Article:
I will say that my mind was stirred about how the universe did actually come about. I'm not sure and am at a conundrum. I'm not sure how something comes from nothing. On one hand the idea of a personal deciding being with properties x, y, and z seems outside of our ability to know and yet positing nothing springing forth into something is, indeed, difficult to swallow. I am, however, rather comfortable with "I just don't know (and neither do you)." Picturing back to that first moment of cosmic explosion and trying to inch my way back in time to before there even was time leads me to think that almost anything is possible. The idea of advanced aliens pushing a button that created us and destroyed them is as realistic as a timeless spaceless cause. The idea of co-existent universes which do not interact or interfere with one another in some deity's playground seems plausible. I think we just have no idea.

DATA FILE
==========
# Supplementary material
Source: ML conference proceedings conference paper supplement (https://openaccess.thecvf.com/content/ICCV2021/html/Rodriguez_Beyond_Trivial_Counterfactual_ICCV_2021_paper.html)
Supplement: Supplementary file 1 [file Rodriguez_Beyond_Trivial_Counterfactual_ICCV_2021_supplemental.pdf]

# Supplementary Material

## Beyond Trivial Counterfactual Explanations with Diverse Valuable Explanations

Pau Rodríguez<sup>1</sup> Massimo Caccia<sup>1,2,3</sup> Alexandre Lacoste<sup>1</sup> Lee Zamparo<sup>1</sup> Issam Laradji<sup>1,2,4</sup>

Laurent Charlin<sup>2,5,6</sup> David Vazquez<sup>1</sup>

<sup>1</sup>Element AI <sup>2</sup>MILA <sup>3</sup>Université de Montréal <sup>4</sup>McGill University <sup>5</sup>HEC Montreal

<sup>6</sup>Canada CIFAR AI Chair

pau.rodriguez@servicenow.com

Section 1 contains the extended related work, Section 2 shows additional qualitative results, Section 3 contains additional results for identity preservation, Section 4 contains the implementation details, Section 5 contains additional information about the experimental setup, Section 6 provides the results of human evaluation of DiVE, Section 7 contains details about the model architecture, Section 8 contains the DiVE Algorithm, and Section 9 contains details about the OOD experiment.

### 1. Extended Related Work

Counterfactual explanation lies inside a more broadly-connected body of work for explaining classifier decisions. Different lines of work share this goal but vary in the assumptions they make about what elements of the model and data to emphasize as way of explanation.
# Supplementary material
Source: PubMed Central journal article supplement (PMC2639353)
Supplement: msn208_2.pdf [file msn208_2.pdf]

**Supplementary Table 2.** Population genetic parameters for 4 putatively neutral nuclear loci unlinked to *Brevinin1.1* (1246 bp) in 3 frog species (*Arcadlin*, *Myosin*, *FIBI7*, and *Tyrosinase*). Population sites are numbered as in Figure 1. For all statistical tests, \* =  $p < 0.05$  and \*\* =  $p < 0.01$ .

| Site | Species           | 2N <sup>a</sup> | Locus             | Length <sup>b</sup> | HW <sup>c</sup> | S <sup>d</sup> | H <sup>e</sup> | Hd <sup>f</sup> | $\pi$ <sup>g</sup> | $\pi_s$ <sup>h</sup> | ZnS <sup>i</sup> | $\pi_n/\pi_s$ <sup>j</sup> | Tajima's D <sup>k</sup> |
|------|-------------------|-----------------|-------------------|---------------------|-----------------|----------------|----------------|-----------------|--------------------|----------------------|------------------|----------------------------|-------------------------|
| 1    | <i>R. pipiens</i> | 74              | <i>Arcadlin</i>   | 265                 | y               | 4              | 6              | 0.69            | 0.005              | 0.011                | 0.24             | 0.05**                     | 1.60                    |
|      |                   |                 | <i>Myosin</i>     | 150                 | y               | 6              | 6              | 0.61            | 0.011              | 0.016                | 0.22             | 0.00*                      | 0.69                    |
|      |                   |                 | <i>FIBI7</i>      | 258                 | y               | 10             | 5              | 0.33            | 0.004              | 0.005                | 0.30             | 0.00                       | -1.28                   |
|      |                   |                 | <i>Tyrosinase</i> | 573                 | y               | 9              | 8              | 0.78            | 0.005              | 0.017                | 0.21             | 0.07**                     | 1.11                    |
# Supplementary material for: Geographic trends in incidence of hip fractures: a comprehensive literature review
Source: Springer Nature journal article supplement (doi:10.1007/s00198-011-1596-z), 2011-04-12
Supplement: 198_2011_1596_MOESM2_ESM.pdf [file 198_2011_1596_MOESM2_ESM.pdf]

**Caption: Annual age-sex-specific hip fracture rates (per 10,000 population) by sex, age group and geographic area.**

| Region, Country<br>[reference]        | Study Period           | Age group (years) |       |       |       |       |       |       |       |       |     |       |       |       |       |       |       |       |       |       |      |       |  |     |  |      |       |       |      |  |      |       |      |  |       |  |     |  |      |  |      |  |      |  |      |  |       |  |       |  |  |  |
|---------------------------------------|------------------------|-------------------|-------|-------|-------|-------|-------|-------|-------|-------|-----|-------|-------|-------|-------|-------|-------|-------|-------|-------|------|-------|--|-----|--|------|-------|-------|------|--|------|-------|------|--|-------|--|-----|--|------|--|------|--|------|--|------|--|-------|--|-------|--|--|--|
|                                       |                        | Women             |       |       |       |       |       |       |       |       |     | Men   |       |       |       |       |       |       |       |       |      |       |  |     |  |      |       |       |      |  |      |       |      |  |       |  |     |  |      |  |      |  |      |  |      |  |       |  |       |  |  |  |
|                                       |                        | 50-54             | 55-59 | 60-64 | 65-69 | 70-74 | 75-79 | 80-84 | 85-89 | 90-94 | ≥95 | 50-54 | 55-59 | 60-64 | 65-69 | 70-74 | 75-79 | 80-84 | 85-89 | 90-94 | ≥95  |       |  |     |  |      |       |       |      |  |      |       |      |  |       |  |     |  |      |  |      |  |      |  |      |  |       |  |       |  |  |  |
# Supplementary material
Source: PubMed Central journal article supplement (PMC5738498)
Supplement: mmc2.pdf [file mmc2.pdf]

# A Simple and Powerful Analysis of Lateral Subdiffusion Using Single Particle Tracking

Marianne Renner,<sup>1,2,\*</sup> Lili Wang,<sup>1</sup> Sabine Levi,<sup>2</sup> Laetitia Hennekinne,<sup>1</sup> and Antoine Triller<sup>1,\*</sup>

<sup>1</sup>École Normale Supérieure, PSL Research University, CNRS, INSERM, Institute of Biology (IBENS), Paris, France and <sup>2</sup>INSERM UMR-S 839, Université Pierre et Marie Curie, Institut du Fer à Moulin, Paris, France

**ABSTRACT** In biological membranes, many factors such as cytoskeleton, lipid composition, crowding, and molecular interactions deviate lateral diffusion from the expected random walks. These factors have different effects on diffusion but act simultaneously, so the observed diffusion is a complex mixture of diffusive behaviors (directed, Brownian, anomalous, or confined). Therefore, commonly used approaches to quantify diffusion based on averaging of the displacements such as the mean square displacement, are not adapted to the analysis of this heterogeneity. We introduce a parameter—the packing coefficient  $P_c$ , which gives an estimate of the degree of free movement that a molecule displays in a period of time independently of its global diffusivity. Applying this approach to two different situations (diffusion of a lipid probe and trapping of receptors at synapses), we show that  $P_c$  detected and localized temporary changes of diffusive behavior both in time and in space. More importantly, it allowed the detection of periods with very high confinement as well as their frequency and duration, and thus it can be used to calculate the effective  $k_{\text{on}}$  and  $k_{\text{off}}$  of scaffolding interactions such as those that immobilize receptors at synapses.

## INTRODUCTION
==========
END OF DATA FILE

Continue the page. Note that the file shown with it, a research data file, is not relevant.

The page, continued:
Quantum physics may be making headway on this issue. The best explanation of how we know what we know about cosmology I've ever seen was a video of Lawrence Krauss, a theoretical physicist, speaking at the Atheist Alliance International in 2009 entitled "A Universe from Nothing." He spends most of his talk discussion how we developed Newtonian physics, general relativity, and now quantum mechanics. In the end, he states that quantum mechanics with its discovery of dark matter and energy tells us that we will always get something from nothing because nothing is unstable. I'm not sure if that will satisfy everyone, however this is an expert in his field who is presenting an evidential case for how we can know such things. I think that's at least got more going for it than blind speculation.